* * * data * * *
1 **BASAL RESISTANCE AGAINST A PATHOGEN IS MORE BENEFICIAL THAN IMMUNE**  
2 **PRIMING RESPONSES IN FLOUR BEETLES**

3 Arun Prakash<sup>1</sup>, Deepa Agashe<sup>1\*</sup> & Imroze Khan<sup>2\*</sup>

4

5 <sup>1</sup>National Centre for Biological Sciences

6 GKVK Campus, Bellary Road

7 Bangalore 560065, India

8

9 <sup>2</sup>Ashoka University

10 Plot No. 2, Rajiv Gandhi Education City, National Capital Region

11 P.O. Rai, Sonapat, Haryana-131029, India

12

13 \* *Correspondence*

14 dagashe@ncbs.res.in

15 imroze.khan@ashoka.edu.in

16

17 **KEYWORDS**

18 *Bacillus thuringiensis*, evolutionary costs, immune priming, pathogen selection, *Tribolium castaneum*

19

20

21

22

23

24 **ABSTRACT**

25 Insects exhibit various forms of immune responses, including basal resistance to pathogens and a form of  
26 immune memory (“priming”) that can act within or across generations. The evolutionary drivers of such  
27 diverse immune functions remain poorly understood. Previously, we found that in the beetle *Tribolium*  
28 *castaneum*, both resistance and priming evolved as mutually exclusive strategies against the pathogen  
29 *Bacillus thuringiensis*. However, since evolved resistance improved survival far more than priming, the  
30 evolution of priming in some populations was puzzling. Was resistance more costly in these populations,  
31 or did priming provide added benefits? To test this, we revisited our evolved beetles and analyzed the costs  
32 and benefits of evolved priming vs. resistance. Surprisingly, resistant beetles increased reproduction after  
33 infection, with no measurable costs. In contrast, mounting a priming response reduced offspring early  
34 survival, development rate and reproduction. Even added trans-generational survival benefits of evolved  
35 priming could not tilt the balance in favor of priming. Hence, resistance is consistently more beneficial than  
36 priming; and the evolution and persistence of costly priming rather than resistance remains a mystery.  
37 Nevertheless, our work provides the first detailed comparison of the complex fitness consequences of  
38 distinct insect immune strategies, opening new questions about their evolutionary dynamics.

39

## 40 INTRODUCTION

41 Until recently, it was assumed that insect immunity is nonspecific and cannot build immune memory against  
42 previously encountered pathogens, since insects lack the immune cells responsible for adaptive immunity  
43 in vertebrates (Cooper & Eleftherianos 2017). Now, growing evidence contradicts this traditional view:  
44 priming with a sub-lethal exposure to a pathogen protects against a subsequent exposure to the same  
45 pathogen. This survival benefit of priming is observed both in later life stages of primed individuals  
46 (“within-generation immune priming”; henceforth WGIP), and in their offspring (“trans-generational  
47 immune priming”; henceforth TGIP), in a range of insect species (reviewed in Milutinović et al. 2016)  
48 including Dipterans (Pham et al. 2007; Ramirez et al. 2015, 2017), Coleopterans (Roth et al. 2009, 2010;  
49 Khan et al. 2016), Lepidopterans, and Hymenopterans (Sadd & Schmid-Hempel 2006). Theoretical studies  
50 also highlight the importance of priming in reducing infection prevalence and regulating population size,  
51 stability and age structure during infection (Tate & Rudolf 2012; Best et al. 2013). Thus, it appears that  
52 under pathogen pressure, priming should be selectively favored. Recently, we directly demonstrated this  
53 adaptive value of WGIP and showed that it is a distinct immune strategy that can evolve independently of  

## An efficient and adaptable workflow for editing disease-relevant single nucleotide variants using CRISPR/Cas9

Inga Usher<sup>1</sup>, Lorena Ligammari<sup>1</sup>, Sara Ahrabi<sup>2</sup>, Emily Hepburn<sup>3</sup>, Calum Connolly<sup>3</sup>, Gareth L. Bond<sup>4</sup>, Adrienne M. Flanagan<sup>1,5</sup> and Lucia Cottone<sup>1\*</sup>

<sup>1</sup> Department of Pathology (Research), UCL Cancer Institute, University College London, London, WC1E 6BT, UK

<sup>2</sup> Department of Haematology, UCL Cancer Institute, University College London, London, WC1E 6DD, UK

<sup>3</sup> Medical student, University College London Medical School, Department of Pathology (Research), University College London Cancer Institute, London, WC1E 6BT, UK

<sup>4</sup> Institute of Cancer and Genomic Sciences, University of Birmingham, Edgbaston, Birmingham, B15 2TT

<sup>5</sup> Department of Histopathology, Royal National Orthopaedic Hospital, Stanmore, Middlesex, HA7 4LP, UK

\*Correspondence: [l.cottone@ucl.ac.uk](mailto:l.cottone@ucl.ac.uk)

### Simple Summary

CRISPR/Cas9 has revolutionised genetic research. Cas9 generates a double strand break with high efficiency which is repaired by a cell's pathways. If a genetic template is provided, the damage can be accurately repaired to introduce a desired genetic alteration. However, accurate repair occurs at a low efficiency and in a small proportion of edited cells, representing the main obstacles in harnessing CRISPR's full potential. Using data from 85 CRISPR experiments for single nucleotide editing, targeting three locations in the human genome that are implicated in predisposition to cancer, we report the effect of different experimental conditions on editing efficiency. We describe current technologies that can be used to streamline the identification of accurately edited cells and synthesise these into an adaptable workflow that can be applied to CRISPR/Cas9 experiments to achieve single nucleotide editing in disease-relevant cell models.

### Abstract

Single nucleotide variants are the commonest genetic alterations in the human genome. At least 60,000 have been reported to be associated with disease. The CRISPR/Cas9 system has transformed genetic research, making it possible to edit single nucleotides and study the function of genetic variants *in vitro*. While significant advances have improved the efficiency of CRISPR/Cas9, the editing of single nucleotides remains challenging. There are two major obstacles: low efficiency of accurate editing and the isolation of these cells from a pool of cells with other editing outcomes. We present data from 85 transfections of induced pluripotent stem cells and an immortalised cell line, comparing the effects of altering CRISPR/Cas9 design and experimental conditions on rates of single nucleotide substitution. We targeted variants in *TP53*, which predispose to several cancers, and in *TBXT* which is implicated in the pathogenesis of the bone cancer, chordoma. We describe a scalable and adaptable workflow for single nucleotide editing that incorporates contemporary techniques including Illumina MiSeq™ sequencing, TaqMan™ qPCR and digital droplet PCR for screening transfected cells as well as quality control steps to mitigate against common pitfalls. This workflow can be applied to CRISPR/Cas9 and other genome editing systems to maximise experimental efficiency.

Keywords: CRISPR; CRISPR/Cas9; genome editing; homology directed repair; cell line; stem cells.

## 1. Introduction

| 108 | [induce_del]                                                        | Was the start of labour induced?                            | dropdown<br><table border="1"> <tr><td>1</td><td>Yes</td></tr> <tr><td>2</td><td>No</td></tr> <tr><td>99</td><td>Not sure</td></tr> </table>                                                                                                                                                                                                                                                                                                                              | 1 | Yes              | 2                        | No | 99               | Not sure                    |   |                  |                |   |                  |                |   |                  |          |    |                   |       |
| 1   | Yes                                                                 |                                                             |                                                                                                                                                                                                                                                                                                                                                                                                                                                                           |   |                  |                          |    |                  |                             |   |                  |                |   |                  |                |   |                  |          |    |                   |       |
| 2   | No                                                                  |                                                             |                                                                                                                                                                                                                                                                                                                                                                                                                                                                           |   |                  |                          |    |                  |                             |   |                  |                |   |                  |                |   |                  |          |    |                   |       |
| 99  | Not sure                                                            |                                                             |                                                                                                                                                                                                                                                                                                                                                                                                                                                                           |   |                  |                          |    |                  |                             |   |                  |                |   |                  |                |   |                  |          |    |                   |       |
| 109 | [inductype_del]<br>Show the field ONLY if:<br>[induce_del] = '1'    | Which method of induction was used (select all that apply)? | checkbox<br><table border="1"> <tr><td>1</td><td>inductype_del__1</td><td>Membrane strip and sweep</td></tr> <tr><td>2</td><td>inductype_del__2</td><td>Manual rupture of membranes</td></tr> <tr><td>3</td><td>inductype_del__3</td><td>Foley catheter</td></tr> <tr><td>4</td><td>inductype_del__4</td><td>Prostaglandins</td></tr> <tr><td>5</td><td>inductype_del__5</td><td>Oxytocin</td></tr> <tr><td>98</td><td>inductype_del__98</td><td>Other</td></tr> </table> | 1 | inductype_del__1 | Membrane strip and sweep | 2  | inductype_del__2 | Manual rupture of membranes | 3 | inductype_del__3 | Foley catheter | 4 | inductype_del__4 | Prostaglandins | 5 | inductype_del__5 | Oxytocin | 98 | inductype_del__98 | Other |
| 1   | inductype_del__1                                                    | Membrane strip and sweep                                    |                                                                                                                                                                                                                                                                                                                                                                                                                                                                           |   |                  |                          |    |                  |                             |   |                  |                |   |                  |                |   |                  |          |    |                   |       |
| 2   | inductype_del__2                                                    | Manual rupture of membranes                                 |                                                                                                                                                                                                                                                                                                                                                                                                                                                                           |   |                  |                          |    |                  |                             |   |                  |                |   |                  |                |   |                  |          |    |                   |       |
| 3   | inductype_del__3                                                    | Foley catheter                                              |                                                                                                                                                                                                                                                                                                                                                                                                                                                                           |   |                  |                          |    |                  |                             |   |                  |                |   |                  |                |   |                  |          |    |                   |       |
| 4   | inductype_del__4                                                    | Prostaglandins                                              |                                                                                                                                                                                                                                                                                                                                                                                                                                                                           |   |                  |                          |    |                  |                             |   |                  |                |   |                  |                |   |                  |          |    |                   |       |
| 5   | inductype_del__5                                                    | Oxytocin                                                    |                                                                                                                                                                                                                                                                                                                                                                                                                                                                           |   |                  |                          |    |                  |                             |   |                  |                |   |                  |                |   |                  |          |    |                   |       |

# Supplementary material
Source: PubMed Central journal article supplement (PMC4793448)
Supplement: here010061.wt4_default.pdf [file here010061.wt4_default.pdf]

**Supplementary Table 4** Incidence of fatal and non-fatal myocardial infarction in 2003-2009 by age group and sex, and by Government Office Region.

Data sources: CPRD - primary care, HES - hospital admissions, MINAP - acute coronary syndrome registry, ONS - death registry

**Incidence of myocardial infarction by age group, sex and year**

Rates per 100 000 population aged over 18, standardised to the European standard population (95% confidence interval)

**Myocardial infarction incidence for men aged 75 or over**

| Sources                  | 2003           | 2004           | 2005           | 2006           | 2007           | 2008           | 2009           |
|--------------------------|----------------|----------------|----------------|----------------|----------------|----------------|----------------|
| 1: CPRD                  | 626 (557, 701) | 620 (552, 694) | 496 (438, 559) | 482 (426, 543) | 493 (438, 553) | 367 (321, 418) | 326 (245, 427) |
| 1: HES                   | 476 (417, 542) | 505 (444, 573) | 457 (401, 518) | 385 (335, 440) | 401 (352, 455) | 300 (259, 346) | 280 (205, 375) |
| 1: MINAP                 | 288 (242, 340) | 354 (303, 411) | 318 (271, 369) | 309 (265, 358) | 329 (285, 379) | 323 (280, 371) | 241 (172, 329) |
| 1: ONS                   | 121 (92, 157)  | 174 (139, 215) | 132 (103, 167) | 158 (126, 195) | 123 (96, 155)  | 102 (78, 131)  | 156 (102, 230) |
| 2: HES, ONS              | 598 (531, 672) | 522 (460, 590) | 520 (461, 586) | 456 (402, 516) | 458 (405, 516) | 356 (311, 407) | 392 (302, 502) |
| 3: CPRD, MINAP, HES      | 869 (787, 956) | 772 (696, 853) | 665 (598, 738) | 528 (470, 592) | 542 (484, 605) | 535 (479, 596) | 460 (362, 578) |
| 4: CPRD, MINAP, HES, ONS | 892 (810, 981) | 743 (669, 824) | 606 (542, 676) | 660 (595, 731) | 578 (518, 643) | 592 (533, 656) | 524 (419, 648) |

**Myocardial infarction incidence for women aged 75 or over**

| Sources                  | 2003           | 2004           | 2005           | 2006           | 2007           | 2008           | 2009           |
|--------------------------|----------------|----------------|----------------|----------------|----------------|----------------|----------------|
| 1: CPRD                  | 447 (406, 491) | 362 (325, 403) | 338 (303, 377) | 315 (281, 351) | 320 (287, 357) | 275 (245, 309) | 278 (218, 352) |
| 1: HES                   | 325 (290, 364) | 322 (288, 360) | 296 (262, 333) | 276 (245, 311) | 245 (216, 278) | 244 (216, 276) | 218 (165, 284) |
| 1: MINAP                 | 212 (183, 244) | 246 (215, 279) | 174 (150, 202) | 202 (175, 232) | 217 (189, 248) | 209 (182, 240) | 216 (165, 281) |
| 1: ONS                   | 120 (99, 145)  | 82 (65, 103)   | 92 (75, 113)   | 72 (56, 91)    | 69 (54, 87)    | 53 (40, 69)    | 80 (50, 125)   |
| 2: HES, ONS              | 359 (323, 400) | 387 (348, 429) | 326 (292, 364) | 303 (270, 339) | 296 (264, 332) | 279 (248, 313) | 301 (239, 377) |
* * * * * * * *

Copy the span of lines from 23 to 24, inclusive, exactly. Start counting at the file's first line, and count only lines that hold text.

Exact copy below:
23

24 **ABSTRACT**